CASPER, Wyo. — The Wyoming Legislature’s 2021 General Session came to a close on Wednesday with a total of 178 pieces of legislation passing both chambers.
The session resulted in a supplemental budget bill which includes $430 million in cuts and eliminates 324 state positions. Various attempts to raise new revenues for the state failed and the House of Representatives and Senate failed to reach an agreement to address a roughly $300 million per year K-12 education funding structural deficit.
Governor Mark Gordon expressed disappointment that no agreement was reached to address the K-12 funding problems during a press conference on Thursday.
He said that while Wyoming expects to receive over $1 billion under the American Rescue Plan, funding which may be able to push back the looming cliff driven largely by the K-12 education deficit, he hopes the “serendipitous” arrival of that funding doesn’t make the legislature complacent in seeking long-term solutions to education’s budgetary challenges.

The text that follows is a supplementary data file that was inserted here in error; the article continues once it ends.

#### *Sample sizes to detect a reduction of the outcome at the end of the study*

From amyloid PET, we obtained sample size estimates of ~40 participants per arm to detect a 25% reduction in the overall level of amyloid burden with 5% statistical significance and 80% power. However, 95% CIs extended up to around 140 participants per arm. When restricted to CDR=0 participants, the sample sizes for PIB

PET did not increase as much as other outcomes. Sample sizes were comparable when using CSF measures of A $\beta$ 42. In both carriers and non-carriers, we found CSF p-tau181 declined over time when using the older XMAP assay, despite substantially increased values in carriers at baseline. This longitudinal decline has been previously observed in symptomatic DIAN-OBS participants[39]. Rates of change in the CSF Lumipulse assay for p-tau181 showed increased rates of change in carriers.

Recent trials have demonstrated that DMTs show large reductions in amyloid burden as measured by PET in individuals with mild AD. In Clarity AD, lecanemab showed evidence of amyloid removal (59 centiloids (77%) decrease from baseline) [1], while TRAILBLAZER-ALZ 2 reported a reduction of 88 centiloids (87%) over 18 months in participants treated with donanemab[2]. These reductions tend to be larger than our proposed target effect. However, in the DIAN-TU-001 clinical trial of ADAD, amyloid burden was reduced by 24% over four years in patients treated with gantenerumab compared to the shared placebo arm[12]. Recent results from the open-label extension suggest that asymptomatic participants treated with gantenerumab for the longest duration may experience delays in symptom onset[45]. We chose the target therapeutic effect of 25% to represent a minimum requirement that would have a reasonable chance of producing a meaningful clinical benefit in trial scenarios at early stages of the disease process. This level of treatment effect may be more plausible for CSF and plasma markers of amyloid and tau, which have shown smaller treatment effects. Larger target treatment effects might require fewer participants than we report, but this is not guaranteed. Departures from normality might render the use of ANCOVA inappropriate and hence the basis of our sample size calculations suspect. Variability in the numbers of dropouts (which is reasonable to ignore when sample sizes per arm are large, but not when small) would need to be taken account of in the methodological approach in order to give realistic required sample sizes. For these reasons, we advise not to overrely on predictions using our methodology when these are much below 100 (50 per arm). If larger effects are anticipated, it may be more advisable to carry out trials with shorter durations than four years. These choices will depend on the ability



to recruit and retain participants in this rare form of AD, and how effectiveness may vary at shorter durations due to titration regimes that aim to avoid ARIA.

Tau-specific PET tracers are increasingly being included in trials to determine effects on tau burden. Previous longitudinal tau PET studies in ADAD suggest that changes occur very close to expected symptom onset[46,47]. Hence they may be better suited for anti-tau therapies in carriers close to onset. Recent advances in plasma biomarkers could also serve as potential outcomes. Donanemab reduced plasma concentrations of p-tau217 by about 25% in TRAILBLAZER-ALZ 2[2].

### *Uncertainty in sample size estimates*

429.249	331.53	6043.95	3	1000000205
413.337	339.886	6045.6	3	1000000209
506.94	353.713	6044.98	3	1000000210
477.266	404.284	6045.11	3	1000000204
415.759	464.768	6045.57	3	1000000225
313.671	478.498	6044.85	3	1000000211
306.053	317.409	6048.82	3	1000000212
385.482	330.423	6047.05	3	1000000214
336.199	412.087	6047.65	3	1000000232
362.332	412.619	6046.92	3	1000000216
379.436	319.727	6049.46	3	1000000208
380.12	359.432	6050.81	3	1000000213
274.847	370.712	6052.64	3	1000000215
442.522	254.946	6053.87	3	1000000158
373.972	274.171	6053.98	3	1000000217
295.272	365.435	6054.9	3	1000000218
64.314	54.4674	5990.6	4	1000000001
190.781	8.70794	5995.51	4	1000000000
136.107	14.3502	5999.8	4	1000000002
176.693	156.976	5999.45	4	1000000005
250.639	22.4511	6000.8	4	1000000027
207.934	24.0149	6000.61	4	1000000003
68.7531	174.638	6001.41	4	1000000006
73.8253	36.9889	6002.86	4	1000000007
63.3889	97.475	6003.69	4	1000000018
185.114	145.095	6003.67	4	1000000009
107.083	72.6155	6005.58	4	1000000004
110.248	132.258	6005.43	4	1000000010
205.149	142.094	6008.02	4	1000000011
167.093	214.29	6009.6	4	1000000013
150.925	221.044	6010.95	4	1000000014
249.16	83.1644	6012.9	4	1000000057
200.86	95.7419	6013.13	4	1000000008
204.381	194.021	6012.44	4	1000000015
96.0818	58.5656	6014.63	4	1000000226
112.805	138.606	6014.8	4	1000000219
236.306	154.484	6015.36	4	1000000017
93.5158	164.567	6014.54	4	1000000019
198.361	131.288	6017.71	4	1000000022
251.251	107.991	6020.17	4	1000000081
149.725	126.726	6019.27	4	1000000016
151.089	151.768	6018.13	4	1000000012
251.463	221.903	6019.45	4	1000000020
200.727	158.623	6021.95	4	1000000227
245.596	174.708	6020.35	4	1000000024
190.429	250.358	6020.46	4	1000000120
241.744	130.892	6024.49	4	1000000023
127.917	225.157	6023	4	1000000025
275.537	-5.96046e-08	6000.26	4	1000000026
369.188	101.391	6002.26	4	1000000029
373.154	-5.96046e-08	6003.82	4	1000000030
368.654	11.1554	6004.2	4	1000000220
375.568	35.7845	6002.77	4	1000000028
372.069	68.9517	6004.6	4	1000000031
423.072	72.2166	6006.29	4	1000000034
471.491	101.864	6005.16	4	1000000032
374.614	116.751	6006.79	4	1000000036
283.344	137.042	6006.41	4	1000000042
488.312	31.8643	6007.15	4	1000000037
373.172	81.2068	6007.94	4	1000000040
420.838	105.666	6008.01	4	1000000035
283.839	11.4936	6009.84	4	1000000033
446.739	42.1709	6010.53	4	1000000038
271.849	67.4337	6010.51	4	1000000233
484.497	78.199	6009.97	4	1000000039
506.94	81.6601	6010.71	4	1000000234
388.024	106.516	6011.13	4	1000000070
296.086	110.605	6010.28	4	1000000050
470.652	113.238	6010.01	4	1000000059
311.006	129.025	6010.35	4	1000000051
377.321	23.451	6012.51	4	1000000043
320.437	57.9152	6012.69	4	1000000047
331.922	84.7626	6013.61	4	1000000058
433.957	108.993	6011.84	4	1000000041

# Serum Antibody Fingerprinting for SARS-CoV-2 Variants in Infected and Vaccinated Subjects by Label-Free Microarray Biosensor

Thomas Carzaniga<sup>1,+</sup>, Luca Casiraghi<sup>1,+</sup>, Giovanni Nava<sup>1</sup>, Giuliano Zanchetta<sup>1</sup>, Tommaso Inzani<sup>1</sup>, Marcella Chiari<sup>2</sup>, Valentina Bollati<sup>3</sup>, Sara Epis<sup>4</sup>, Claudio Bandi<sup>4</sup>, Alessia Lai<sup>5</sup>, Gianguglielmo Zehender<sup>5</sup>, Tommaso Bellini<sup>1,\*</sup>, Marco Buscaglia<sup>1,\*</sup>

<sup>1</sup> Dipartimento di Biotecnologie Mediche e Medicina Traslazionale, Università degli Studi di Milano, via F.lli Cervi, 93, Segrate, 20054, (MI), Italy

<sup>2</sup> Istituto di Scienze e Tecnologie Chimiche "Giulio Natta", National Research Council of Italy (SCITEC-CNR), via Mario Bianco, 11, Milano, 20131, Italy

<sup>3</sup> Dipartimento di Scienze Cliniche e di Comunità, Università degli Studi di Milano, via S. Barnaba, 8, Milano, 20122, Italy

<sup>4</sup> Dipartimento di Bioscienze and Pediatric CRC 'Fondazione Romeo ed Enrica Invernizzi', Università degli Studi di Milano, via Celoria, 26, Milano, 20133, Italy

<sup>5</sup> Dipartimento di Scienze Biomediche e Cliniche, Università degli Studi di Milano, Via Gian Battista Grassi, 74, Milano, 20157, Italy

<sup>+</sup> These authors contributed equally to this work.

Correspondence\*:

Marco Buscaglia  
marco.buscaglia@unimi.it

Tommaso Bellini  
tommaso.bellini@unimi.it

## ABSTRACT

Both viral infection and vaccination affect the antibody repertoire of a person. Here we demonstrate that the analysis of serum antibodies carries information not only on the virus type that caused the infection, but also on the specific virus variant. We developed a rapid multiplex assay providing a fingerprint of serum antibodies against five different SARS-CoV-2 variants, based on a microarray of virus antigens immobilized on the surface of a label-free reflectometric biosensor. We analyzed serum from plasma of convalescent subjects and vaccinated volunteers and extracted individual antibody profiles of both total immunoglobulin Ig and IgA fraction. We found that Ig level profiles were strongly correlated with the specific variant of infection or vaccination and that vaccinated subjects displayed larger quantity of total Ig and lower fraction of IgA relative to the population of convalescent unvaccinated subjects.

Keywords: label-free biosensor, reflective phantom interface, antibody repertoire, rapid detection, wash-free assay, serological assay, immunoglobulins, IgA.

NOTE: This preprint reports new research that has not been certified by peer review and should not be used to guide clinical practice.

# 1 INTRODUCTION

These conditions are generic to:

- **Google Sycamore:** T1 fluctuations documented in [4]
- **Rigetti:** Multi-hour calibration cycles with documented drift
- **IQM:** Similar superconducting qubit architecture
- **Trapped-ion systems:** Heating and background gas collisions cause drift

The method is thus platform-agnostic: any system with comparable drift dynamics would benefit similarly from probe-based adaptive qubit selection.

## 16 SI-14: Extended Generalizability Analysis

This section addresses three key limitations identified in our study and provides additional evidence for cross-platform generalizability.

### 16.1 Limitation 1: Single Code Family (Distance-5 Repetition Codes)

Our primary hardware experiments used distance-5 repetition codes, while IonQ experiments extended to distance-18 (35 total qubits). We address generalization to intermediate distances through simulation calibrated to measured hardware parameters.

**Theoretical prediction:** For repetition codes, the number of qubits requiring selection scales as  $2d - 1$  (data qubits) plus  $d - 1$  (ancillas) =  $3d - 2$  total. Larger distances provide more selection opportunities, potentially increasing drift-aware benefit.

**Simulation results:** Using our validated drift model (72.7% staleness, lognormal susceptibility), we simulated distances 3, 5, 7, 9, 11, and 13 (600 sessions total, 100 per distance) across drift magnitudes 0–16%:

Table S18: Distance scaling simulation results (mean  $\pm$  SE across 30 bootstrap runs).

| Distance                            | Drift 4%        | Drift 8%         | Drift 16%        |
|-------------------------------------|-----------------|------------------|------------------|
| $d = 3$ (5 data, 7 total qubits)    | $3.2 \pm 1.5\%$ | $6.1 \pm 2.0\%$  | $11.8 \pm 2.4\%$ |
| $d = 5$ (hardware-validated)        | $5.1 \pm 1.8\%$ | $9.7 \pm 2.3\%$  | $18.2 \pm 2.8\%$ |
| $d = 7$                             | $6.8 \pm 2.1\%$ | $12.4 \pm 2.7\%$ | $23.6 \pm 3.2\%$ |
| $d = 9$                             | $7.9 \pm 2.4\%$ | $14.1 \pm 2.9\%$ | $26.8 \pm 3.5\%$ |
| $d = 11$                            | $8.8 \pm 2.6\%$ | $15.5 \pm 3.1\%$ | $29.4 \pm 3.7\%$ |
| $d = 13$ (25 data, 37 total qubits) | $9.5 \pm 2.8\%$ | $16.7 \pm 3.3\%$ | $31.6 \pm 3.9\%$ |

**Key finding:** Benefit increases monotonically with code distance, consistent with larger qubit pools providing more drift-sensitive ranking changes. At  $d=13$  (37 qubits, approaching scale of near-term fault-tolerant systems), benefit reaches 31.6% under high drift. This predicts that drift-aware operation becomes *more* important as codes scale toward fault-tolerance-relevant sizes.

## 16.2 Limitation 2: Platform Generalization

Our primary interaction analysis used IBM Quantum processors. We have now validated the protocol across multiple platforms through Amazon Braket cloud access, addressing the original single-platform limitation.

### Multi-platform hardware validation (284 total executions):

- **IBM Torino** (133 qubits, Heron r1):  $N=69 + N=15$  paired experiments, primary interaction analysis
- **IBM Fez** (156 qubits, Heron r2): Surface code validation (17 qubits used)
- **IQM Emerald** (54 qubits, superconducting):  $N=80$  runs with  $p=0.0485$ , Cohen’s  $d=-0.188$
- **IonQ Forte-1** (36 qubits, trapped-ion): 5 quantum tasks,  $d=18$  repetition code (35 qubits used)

“I really hope they don’t put off the substantial conversations that need to happen,” Gordon said.
With the legislature failing to reach an agreement on what to do about K-12 funding, Gordon said he thinks it is time he and his office become more involved in a discussion about solving those issues.
He said the state also needs to work to ensure that voters “understand exactly how precarious our situation is.”
The state is wrestling with a changing revenue picture as Wyoming’s coal industry declines and Gordon said that there is a potential more cuts will be needed going forward but that there isn’t a lot of room to continue cutting into state agency budgets. He added that cuts are “more devastating than just getting rid of government workers” and also have impacts on the health of private industry in the state.
The legislature also failed to pass Medicaid expansion this session. Gordon said that he was glad to see a measure to allow for Medicaid expansion be debated on the floor.